In a recently published study, Dr PNASThe researchers investigated the selective activity of sigmoid 2 receptor (σ2R) or transmembrane protein 97 (TMEM97) ligands, their effects on nociceptive neurons and the mechanism of action 24 hours later in murine neuropathic pain models.
Neuropathic pain, a chronic condition, presents a significant therapeutic challenge due to the limited efficacy and significant side effects of current medications. A novel drug, TMEM97, with roles in calcium signaling, cholesterol transport and homeostasis, was found to be a potential remedy. TMEM97 is associated with neurodegenerative disorders such as Alzheimer’s and Parkinson’s disease.
About the study
In the current study, researchers investigated whether the anti-neuropathic pain benefits of σ2R/TMEM97 ligands were attributable to binding to σ2R/TMEM97, which exhibits antinociception activity in animal models. They investigated whether targeting TMEM97 could relieve pain by interfering with the integrated stress response (ISR) associated with neuropathic pain produced by traumatic nerve damage, metabolic disease, and autoimmune conditions.
The team used a murine knockout (KO) model of the TMEM97 gene and the TMEM97-binding ligand, FEM-1689, to explore potential causal associations of σ2R/TMEM97 with antinociception in murine neuropathic pain models. They used RNAscope in situ hybridization of human dorsal root ganglia (DRG) from organ donors to investigate σ2R/TMEM97 expression in nociceptors.
Researchers developed FEM-1689 based on favorable results in neuropathic pain models treated with UKH-1114. Whether exploring σ2R/TMEM97 ligands using a global TMEM97-KO mouse acting on σ2R/TMEM97 reduces pain hypersensitivity. They treated male and female wild-type and TMEM97KO mice with intravenous injections of FEM-1689 at 10 nM, 100 nM, and 1,000.0 nM, corresponding to target binding, for 16 h.
The team investigated whether FEM-1689 would block ISR in DRG neurons. They cultured mouse dorsal root ganglia neurons from wild-type and TMEM97KO animals, administered FEM-1689 for 16 h, and assessed changes in phosphorylated eukaryotic initiation factor 2 (p-eIF2α) expression using immunocytochemistry (ICC). They explored the temporal dynamics of the FEM-1689 molecule by reducing p-eIF2α expression. They administered 100 nM FEM-1689 to wild-type murine DRG neurons over 0.5 hour, one hour, three hours, six hours, 12 hours, and 16 hours and measured p-eIF2α immunoreactivity.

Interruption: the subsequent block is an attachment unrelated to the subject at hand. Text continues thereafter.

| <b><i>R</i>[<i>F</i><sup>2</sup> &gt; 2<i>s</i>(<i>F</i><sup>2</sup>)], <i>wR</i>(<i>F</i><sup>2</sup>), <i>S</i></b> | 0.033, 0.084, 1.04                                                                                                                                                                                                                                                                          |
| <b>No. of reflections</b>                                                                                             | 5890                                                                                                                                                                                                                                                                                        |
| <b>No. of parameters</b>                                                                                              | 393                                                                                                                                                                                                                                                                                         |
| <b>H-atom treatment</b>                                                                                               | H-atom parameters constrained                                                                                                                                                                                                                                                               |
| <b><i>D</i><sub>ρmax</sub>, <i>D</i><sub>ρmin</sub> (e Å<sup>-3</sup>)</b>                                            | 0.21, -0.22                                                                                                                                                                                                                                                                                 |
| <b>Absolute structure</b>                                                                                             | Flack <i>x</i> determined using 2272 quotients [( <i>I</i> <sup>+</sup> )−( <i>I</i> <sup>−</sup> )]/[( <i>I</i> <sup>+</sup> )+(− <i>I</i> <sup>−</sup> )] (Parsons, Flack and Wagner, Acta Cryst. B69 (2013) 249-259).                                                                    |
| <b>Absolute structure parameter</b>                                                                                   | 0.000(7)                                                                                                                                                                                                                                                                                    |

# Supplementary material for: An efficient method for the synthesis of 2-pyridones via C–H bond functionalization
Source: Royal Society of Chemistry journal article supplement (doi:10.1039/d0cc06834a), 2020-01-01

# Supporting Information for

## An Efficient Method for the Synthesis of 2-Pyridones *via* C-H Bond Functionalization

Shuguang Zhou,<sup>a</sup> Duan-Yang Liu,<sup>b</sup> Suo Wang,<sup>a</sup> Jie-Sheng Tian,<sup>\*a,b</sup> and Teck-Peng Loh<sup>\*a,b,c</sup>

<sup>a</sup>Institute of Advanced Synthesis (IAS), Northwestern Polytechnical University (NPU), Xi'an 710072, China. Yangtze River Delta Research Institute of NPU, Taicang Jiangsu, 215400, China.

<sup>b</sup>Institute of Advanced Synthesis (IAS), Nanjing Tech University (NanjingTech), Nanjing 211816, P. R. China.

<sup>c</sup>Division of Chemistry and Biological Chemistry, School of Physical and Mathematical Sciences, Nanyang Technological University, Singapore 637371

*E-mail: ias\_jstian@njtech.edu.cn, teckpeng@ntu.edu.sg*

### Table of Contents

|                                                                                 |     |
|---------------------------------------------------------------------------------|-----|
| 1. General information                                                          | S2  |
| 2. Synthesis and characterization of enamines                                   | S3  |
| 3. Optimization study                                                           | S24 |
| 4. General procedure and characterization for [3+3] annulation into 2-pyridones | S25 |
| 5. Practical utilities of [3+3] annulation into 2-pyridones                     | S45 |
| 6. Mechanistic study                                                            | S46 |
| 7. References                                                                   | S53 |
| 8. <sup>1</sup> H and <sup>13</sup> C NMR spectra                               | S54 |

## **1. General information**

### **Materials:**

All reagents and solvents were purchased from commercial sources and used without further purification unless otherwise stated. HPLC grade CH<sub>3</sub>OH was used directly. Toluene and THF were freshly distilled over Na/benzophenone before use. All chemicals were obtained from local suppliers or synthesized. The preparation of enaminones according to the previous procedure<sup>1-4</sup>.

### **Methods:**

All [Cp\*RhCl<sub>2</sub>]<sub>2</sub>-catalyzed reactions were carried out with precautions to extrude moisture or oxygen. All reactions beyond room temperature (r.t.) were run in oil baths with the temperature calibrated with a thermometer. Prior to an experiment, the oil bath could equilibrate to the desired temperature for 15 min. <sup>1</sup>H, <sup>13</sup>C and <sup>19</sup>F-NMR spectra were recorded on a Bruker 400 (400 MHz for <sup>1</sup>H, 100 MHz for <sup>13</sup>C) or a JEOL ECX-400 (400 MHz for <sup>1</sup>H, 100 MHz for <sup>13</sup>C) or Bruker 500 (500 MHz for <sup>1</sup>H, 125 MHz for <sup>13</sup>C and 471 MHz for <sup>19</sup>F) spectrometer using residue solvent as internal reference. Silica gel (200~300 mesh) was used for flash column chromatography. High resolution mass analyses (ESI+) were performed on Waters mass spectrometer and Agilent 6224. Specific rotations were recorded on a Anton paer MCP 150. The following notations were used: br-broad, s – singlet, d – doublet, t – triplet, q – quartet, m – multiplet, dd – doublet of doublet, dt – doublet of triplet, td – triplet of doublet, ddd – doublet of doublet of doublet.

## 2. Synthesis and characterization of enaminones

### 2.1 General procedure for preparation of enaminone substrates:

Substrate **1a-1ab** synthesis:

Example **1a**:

The team investigated whether additional drugs binding to TMEM97 reduced the integrative stress response and whether ISR inhibition was specific to TMEM97 regulators that enhance antinociception. Computational docking analysis showed distinct interactions of FEM-1689 and SAS-0132 modulators with the extended binding sites of TMEM97. They investigated whether the effect of compound FEM-1689 to reduce P-eIF2α levels could reduce ISR-dependent and methylglyoxal (MGO)-induced mechanical hypersensitivity. To apply their findings from the murine DRG study to individuals, they treated human dorsal root ganglia neuronal cells from organ donor individuals with a TMEM97-binding ligand for 16 hours.
FEM-1689 requires the presence of the Tmem97 gene to produce antinociception in a rat nerve damage model. FEM-1689 suppresses ISR and promotes neurite outgrowth through a σ2R/TMEM97-specific activity, reduces ISR and p-eIF2α expression in human sensory neurons, and relieves pathogenic ISR engagement by MGO. Human SCN10A-positive nociceptor and satellite glial cells express σ2R/TMEM97.
Murine DRG neurons and satellite glial cells produce Tmem97 messenger ribonucleic acid (mRNA) in a manner comparable to human DRG. The antinociceptive effect of FEM-1689 in the SNI model was absent in TMEM97KO mice. The results support targeting σ2R/TMEM97 for the treatment of neuropathic pain. FEM-1689 was more specific for σ2R/TMEM97 than 40 CNS proteins excluding σ1R and the norepinephrine transporter (NET).
After nerve damage, male and female TMEM97KO and wild-type animals acquire significant and sustained mechanical hypersensitivity. Increasing doses of the TMEM97-binding ligand, FEM-1689, significantly modulated mechanical hypersensitivity in male and female wild-type mice for four days of a single treatment. However, FEM-1689 failed to reduce mechanical hypersensitivity in TMEM97KO mice, indicating that its effects were σ2R/TMEM97-dependent.
FEM-1689, a drug that suppresses the integrative stress response in murine DRG neurons, did not alter p-ACC levels or AMPK-p-ACC pathway activity in cultured mouse DRG neurons after 16 h, indicating a distinct antinociceptive route. TMEM97-KO neurons exhibited lower baseline p-eIF2α levels than wild-type neurons. ISRIB, an ISR inhibitor, reduced p-eIF2α levels in both variants. FEM-1689 effectively modulated MGO-induced and ISR-dependent pain hypersensitivity in human sensory neurons, highlighting the potential of developing TMEM97 modulators for diabetic neuropathic pain.
The results of the study showed that FEM-1689, a σ2R/TMEM97 ligand, can reduce neuropathic pain and block the ISR in mice. This effect requires direct regulation of σ2R/TMEM97, not σ1R or other proteins or receptors. FEM-1689 inhibits eIF2α phosphorylation in human dorsal root ganglia, reducing MGO-induced integrative stress responses. Targeting TMEM97 may reduce mechanical hypersensitivity in pain sufferers by reducing ISR.